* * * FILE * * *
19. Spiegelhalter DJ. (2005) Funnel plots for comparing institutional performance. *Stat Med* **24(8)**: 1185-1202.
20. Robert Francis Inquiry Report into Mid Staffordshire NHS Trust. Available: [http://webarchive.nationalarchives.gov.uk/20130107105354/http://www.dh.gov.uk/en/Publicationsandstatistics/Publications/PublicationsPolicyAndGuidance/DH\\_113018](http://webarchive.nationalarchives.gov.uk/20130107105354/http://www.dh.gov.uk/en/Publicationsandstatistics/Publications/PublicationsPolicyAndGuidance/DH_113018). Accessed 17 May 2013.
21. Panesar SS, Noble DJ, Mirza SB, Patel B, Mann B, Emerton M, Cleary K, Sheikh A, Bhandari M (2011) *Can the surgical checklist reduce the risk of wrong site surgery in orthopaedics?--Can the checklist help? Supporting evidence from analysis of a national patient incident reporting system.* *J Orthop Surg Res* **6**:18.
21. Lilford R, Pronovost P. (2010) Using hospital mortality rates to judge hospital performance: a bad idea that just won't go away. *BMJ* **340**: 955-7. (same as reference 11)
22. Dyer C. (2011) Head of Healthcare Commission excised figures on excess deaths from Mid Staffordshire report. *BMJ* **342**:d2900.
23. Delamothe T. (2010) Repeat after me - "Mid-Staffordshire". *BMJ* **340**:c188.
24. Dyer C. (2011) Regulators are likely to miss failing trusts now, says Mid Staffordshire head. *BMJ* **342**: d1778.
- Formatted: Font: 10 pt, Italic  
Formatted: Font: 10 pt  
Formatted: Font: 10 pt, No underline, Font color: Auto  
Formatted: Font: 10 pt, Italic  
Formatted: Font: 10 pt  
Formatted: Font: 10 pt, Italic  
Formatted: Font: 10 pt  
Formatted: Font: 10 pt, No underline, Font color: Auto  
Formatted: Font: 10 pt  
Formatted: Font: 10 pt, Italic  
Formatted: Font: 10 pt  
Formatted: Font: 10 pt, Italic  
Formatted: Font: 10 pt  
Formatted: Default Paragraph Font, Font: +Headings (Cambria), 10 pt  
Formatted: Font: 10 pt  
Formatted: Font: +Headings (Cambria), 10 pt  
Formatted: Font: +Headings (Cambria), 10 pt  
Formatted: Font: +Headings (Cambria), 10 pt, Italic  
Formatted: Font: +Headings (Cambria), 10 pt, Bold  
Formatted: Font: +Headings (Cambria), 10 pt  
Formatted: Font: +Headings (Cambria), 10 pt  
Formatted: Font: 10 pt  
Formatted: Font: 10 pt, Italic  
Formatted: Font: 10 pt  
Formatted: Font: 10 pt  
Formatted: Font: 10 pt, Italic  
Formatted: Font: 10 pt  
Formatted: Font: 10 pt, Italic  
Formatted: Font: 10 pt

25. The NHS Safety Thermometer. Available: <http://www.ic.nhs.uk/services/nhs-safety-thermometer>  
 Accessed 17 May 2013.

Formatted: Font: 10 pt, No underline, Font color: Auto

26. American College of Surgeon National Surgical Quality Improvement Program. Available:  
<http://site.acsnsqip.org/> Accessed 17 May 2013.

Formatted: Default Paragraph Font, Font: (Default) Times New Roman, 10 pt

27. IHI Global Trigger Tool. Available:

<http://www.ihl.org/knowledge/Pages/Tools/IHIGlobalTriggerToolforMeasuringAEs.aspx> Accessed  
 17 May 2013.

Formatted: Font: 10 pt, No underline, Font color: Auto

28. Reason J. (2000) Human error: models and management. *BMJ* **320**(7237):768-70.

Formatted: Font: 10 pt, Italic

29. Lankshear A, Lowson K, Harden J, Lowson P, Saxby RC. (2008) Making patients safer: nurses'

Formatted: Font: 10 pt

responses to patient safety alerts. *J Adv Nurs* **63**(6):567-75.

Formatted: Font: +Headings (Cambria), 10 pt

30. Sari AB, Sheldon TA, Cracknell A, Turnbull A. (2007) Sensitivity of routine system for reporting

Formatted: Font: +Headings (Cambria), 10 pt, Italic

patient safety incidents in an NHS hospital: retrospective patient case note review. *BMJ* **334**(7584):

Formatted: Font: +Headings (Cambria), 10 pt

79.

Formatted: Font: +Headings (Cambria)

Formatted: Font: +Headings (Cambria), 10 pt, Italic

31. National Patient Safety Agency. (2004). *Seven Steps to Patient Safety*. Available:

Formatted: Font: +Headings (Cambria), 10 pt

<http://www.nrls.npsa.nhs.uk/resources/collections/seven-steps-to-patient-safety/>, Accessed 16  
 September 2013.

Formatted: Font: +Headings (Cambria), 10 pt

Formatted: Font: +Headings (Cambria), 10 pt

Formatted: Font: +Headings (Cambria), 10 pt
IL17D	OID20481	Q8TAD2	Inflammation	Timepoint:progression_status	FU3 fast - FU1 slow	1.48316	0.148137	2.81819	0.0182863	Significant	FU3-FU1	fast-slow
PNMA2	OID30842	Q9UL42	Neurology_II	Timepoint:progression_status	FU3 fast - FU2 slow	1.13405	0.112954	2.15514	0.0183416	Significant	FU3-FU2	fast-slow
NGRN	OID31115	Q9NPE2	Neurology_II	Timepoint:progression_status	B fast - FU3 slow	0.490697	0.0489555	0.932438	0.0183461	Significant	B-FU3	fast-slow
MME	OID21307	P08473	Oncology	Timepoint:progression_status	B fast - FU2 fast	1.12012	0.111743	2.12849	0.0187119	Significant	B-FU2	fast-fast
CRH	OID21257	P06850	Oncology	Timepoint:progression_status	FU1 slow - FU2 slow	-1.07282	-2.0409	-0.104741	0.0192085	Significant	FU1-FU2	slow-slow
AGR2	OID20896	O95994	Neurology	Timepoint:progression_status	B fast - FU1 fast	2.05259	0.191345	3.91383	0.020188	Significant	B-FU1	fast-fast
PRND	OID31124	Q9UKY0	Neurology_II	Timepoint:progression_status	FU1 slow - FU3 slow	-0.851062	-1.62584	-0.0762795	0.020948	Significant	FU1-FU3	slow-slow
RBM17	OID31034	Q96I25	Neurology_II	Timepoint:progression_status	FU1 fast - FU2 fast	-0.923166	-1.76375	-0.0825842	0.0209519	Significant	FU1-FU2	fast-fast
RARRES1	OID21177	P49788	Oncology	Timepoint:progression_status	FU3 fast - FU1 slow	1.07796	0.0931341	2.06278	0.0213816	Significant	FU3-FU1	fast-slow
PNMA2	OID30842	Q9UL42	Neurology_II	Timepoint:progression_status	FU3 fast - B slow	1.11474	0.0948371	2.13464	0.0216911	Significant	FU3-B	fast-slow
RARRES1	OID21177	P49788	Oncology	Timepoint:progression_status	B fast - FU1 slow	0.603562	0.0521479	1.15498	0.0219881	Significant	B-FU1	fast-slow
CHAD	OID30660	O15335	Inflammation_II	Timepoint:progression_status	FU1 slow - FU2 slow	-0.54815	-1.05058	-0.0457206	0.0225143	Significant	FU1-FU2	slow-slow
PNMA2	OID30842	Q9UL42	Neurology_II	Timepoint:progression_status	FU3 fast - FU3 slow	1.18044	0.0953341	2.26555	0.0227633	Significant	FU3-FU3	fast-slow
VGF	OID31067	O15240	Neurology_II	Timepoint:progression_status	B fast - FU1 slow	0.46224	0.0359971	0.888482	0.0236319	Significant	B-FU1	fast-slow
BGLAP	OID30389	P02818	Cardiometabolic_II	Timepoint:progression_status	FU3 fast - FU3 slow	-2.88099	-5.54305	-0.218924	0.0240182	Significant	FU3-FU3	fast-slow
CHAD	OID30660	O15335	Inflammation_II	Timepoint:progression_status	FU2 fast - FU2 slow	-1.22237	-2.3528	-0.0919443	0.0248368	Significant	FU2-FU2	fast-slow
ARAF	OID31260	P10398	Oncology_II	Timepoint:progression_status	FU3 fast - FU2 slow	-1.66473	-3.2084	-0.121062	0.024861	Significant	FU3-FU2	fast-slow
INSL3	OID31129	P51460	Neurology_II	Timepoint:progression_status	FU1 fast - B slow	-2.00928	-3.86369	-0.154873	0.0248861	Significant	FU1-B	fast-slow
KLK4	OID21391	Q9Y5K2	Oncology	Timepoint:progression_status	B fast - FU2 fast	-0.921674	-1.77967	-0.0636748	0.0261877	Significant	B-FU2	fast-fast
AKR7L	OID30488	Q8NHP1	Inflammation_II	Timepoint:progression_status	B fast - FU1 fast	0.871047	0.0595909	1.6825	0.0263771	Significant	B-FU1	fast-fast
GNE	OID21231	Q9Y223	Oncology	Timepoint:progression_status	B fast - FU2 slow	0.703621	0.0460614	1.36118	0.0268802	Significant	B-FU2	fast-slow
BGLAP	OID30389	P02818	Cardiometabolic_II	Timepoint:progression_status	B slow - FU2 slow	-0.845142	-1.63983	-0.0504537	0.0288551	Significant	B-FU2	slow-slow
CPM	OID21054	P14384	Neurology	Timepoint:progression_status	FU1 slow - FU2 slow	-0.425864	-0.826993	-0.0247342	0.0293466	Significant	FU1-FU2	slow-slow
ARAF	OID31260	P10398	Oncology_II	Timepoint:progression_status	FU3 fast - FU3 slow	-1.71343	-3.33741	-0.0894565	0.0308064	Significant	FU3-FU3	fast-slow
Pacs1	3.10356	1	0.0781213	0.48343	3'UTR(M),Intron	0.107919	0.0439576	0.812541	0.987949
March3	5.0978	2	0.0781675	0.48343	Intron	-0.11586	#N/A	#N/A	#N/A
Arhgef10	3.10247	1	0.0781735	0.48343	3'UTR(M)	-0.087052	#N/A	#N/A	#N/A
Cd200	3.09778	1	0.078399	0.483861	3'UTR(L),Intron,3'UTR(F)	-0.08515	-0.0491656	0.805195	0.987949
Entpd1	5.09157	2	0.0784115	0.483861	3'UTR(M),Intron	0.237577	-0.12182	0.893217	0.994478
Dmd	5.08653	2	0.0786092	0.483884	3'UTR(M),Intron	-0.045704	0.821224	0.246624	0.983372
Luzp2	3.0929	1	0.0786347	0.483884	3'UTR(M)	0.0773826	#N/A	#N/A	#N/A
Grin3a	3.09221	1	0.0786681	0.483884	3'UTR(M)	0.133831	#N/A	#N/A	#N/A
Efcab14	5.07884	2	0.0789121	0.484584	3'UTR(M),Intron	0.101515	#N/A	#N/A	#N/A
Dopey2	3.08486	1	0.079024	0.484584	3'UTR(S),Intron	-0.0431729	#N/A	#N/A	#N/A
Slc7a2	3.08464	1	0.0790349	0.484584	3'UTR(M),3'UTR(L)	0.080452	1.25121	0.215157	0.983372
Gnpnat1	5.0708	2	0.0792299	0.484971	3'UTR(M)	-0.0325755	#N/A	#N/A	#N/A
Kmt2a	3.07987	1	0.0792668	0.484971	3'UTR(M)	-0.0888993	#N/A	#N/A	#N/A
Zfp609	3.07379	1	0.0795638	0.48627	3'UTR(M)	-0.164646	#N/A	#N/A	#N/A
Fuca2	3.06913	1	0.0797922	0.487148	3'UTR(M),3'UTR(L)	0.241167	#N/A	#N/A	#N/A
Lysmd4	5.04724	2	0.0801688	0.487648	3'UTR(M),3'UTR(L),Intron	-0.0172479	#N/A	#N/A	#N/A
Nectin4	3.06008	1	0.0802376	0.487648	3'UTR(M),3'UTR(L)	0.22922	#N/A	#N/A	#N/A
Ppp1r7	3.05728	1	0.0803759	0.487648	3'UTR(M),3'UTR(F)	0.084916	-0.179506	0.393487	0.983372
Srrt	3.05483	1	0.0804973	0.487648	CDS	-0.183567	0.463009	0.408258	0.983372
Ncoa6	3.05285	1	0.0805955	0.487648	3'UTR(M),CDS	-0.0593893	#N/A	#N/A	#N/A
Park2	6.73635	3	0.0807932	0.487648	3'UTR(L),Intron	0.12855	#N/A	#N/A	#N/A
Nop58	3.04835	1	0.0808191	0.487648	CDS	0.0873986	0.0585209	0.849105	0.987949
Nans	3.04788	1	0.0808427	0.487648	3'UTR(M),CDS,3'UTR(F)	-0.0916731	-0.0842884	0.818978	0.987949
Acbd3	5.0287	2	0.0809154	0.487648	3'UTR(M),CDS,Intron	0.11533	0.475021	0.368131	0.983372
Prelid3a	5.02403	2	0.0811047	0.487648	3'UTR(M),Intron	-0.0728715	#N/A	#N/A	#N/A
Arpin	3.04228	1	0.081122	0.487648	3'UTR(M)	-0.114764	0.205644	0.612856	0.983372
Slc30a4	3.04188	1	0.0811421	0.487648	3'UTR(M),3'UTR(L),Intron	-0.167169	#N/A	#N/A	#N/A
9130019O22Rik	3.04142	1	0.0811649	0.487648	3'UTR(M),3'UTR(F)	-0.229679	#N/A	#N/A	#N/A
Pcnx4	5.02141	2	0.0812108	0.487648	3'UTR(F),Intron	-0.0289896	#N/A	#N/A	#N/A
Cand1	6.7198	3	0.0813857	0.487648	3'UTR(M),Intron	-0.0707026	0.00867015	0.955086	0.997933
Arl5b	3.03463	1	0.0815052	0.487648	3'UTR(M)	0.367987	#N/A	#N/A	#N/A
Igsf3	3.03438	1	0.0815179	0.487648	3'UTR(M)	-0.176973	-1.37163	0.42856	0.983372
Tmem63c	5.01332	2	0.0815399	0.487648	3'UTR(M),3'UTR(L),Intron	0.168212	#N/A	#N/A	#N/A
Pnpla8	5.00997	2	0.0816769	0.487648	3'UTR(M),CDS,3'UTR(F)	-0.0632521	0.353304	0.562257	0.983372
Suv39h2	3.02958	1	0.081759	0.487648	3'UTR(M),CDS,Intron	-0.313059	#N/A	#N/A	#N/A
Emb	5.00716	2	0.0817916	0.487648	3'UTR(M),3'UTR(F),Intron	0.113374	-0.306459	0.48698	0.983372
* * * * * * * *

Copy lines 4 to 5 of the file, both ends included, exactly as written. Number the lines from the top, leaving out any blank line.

21. Lilford R, Pronovost P. (2010) Using hospital mortality rates to judge hospital performance: a bad idea that just won't go away. *BMJ* **340**: 955-7. (same as reference 11)
22. Dyer C. (2011) Head of Healthcare Commission excised figures on excess deaths from Mid Staffordshire report. *BMJ* **342**:d2900.